Friday, January 13, 2023

Review: Nulksen Tire Inflator

 The battery on my costco purchased jump starter (bought in 2014) is dying to the point where it couldn't even inflate one tire when fully charged, so it was time to get another one. The Nulksen Tire Inflator was on sale for $40 during the holidays, so I picked one up.

It came with a cloth case, a hose for Schraeder valves, a pin for balls, and a couple more weird nozzles for whatever other thing you might want to use it for. The hose screws into the device, and I immediately took it out of the box and air'd up all 4 tires of the car with no problems. The device vibrates while doing so, enough to move the inflator and scratch it on the ground, but otherwise it worked.

The USB C plug recharges it using USB C which is very nice, and it can act as a flash light as well. I tried the ball inflator and it worked, and I even tried it on my wife's e-bike in Schraeder mode, and it checked out with decent accuracy. I don't dare try it for high pressure presta tires, since I already have good floor pumps for those. Besides, exercise is good for you.

For $40 + tax, getting something that works well is fine! It's way lighter than what it replaced!

Thursday, January 12, 2023

Review: Fairy Tale

 Fairy Tale is Stephen King's novel of a world crossing adventure. It describes a 17-year old who in the course of helping a mysterious neighbor, discovers that the neighbor's shed contains a well which leads to another world. Like many examples of the world-crossing genre, it turns out that he has a special role to fulfill in that world.

The story builds slowly, and Charlie Reade (the protagonist) has a transparent, cheerful, interesting voice which makes for great reading. King is probably at his best when convincing you that Reade is a real person, and establishes the milieu he lives in as no one else can. The protagonist being an almost adult rather than a young child makes the book different than many other examples of the world-crossing genre, and lends the story believability.

Once the story crosses over to the world of Empris, however, a lot of the world building feels lacking. There's definitely no sense of deep history, and many set pieces or important plot points feel like superficial objects meant to act as MacGuffins rather than something real. For instance, one major motivation for Charlie to enter deep into the enchanted capital explicitly draws inspiration from Something Wicked This Way Comes, but at the end of the book the explanation is a huge disappointment.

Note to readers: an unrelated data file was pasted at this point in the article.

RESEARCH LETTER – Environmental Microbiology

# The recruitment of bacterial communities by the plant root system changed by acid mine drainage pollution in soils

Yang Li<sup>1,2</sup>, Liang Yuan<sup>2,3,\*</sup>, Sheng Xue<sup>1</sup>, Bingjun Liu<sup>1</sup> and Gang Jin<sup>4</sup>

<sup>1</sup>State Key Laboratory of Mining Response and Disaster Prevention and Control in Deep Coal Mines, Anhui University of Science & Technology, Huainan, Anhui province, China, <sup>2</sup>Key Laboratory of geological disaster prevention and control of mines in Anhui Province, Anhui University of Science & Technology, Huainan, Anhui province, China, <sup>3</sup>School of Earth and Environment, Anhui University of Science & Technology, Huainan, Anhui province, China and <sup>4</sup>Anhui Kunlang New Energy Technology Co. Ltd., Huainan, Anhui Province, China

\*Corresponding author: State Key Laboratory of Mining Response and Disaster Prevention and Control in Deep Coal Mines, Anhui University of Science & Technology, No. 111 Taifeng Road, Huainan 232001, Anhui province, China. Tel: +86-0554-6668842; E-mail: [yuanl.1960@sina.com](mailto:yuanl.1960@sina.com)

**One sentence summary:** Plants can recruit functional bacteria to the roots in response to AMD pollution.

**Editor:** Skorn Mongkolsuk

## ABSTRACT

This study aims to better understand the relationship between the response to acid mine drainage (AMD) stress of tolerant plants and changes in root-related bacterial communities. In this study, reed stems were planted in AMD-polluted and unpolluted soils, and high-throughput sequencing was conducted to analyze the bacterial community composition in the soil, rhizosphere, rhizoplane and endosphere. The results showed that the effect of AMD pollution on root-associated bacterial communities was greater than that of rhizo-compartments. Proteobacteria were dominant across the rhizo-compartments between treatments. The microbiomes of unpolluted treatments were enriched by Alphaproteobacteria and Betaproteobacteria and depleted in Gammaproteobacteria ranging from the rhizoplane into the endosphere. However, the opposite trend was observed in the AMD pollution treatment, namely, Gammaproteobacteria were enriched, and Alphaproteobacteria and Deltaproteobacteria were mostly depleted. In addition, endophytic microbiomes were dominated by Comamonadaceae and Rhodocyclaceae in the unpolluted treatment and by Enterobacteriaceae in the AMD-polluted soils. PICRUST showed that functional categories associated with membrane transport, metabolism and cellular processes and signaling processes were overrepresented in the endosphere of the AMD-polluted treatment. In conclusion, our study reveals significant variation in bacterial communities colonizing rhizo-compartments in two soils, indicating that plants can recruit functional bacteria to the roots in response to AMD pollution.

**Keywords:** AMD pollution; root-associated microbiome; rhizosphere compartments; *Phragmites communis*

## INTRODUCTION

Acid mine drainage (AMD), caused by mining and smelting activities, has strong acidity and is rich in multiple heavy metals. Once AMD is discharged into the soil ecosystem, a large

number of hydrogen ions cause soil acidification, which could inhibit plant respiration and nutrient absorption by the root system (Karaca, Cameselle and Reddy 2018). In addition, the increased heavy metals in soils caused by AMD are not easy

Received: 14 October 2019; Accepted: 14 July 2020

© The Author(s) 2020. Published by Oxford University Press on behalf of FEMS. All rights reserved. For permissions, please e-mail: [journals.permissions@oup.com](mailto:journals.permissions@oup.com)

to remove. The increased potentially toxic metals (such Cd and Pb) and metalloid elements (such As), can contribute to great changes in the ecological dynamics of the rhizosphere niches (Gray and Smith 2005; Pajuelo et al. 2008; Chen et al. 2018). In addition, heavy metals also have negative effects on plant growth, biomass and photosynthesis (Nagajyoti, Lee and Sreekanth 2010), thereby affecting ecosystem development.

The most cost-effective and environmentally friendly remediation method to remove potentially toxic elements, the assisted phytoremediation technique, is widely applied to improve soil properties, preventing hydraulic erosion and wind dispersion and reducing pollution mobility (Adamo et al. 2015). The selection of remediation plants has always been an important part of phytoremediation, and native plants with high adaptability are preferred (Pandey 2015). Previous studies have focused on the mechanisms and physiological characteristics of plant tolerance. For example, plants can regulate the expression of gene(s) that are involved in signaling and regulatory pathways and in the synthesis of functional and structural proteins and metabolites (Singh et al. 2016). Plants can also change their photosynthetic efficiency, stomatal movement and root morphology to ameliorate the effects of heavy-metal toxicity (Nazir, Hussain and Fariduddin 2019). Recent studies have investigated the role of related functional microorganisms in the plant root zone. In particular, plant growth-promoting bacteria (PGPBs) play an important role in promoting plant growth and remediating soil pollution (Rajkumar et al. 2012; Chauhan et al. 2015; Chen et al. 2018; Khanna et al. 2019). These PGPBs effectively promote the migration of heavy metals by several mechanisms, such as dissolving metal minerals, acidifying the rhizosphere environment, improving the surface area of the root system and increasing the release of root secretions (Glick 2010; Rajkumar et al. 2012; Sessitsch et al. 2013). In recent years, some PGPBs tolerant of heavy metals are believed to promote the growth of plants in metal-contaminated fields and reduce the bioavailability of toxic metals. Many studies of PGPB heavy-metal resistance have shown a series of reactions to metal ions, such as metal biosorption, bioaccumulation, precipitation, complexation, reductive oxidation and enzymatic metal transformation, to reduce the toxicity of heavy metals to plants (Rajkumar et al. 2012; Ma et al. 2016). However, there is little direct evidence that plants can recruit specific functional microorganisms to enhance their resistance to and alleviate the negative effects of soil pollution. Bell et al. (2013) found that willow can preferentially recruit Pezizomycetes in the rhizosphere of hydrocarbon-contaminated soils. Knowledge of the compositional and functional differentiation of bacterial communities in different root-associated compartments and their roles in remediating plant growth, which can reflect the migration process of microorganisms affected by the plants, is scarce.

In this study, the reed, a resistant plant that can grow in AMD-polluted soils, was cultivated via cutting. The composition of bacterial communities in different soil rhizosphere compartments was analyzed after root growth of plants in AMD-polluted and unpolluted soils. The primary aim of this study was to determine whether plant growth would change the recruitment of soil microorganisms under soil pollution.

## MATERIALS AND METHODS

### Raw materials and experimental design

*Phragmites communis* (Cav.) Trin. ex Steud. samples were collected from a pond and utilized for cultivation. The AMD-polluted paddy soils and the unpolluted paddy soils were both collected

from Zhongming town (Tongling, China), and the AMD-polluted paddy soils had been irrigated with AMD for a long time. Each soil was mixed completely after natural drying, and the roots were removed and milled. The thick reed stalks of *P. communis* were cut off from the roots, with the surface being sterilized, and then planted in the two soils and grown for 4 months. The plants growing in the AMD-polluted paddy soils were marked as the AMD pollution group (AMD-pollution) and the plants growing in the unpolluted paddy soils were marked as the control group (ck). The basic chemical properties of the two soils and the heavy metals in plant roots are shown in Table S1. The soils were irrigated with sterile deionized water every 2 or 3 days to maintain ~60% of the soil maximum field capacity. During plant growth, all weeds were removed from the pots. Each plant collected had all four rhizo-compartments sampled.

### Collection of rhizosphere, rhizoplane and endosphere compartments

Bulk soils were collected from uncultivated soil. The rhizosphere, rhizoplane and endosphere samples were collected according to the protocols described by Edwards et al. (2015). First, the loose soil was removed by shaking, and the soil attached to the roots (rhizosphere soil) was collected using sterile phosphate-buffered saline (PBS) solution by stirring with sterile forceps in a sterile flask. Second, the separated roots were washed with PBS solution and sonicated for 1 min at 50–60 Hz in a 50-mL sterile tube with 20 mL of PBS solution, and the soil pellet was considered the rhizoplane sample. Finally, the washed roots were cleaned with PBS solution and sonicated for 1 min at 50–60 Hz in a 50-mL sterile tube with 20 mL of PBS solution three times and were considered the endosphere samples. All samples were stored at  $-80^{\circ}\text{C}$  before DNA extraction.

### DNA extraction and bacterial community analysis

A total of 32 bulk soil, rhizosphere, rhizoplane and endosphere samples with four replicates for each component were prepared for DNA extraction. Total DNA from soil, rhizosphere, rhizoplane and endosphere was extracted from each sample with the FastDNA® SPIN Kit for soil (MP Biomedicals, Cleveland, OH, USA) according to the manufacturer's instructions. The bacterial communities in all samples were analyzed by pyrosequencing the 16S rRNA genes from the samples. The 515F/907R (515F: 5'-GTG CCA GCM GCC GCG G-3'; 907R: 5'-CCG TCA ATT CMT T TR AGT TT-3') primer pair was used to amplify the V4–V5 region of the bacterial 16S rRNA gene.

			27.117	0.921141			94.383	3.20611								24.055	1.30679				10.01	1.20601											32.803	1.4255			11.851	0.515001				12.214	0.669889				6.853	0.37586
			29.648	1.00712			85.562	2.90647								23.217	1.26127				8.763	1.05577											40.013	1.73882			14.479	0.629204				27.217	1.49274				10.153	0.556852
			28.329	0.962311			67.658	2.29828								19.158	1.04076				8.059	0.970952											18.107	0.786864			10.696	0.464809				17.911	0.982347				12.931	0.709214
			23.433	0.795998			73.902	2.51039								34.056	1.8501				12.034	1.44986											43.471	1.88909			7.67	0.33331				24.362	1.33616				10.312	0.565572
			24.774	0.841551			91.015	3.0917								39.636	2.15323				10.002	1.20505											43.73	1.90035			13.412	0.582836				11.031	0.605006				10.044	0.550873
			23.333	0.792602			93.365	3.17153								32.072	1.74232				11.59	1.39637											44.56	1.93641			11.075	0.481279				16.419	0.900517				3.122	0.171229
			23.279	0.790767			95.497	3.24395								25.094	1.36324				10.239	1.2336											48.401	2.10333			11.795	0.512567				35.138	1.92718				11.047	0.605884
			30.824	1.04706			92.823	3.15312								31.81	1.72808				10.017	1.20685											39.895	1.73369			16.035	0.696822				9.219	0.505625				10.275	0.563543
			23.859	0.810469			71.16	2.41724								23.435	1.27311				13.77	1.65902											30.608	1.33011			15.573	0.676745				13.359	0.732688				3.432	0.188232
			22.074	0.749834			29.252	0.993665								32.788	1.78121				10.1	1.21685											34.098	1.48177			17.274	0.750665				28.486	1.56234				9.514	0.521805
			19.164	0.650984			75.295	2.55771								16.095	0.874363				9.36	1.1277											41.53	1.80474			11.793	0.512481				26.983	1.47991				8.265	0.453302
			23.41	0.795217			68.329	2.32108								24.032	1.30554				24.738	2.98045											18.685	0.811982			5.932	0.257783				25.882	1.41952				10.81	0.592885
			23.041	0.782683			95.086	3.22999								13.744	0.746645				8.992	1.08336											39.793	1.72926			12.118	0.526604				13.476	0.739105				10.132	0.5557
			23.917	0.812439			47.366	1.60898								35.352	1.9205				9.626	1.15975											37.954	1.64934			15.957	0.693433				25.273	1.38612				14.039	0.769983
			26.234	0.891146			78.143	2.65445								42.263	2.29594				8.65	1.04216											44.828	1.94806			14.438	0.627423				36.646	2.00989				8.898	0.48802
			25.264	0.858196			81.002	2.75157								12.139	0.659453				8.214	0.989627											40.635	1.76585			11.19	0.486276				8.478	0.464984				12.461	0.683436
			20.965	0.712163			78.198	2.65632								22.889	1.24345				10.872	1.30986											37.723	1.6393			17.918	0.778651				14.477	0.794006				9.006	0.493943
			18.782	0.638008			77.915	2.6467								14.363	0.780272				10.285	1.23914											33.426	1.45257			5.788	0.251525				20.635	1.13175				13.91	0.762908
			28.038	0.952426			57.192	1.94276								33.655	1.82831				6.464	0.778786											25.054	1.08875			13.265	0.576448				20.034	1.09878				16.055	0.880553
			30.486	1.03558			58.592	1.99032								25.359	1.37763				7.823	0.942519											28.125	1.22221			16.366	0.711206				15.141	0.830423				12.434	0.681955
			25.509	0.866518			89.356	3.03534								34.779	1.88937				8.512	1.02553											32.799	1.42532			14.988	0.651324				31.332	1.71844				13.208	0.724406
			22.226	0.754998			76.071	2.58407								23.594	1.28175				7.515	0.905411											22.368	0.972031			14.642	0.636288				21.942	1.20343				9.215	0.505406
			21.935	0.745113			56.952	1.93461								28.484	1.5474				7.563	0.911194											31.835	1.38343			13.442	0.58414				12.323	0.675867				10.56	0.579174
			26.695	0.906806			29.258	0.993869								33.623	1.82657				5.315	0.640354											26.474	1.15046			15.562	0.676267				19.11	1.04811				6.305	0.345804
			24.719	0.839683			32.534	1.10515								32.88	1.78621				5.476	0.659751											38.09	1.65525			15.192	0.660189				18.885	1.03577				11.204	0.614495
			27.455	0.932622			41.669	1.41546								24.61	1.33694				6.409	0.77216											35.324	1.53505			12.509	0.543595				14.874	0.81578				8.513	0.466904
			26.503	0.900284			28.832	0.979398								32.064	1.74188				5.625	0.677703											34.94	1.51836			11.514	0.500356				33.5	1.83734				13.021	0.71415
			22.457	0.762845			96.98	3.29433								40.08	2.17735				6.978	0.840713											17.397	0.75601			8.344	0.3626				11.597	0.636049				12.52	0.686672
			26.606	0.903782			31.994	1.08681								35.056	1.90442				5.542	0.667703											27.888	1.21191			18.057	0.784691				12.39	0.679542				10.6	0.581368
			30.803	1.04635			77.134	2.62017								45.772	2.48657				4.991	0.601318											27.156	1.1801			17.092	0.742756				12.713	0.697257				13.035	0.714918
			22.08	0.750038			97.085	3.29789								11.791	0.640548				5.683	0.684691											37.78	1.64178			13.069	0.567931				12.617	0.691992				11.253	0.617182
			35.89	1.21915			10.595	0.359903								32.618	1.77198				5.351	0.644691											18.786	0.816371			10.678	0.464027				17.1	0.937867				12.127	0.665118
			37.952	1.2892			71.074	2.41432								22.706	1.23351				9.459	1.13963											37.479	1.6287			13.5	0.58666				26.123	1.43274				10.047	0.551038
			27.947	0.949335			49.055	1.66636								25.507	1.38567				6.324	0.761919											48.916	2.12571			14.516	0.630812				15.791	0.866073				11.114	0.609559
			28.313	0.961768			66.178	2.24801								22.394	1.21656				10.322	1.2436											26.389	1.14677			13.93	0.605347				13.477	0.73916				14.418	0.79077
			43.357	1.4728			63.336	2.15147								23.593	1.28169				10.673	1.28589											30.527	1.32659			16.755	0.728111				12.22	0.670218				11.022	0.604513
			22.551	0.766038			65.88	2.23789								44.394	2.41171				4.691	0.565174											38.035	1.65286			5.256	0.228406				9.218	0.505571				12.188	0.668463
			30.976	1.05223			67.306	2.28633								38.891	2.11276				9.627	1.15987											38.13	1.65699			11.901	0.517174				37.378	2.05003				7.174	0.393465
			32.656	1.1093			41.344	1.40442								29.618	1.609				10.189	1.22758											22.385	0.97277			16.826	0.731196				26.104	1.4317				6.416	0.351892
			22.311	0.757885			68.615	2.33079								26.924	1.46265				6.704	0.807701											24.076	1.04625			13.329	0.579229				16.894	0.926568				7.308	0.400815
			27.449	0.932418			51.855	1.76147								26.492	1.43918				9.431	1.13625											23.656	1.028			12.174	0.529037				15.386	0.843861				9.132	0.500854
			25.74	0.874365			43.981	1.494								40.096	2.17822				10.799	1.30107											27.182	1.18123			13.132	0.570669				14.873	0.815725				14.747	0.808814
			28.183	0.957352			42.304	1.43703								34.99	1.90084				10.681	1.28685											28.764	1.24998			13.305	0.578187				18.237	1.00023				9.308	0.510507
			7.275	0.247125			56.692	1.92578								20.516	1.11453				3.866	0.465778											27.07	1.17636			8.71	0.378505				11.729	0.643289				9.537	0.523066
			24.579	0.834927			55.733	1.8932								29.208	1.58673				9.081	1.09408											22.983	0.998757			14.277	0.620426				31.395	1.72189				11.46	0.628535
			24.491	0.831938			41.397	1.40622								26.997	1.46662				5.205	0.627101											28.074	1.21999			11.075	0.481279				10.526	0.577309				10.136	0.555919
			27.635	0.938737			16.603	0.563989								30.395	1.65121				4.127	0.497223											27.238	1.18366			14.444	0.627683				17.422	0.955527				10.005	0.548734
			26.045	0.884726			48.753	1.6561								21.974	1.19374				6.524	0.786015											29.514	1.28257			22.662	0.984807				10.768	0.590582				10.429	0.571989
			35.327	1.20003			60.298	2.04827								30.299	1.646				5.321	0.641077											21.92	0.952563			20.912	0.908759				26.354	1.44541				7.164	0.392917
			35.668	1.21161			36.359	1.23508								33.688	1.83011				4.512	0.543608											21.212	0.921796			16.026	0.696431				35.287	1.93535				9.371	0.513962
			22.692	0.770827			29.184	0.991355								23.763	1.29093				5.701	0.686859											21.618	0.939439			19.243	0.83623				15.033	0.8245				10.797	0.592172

All throughout the book are sprinkled references to Bradbury and HP Lovecraft, and there are many pieces of brilliance in the novel --- more than enough to keep me reading. It's not a coincidence that the novel is set in Illinois, the same locale as in Bradbury's novel. The climax feels like it comes a bit too easy, but the easy to read prose and moments of brilliance kept me going anyway. Recommended.

Wednesday, January 11, 2023

Men's Carpis

 I had a pair of Men's Capri pants I had somehow found online ages and ages ago, which were perfect for cycling and bike touring. They were light, had belt loops, and didn't extend far below the knees so you could ride in them and not worry about pants legs getting trapped in the chain. One of them completely fell apart during a tour one year, forcing me to buy women's capris when I was in Bolzano, but those were so narrow-waisted that even Arturo told me that I wasn't allowed to gain weight during that tour. (Perish the thought!)

I could not for my life of me find replacements. "Men's capris" returns crappy results. I eventually learned that the manly term for carpis is 3/4 pants! Jack Wolfskin was the first to come up with their Desert Valley 3/4 pants.  Their standard price of $70 was too much for my blood, and even at $49 on sale it was barely tolerable. I got them and they ride well, with side-pockets that are perfect for a phone and a wallet, as well as two button-up pockets on the outside of the thighs for things you don't need while riding. I like them enough, but they were so pricey I didn't think it's worth a second pair.

Amazon is full of knock-off Chinese products, so I looked on amazon, and 33,000ft has a Men's Hiking Golf Capri pair of shorts for a much more reasonable (though still expensive) $35. These come with double zipper pockets on each side. The belt loops are a bit wide (for clipping say, a badge for going to the office), but the premium feature on these are the cuffs at the bottom of the hem. There's a QR cord there for cinching them down tight so they don't rub against brake cables along the top tube while riding. These are a clear winner and it's worth getting a second pair or watching if they go on sale.

If you hike in California, there are many good reasons to wear full-length pants --- tick protection and mud protection makes sense. But those same pants are annoying to wear on the bike and frequently get chewed up by bicycle gears and chains, so for the daily cyclist, these are the pants to get. I'm glad I found them!

Tuesday, January 10, 2023

Review: HeCloud Diving Flashlight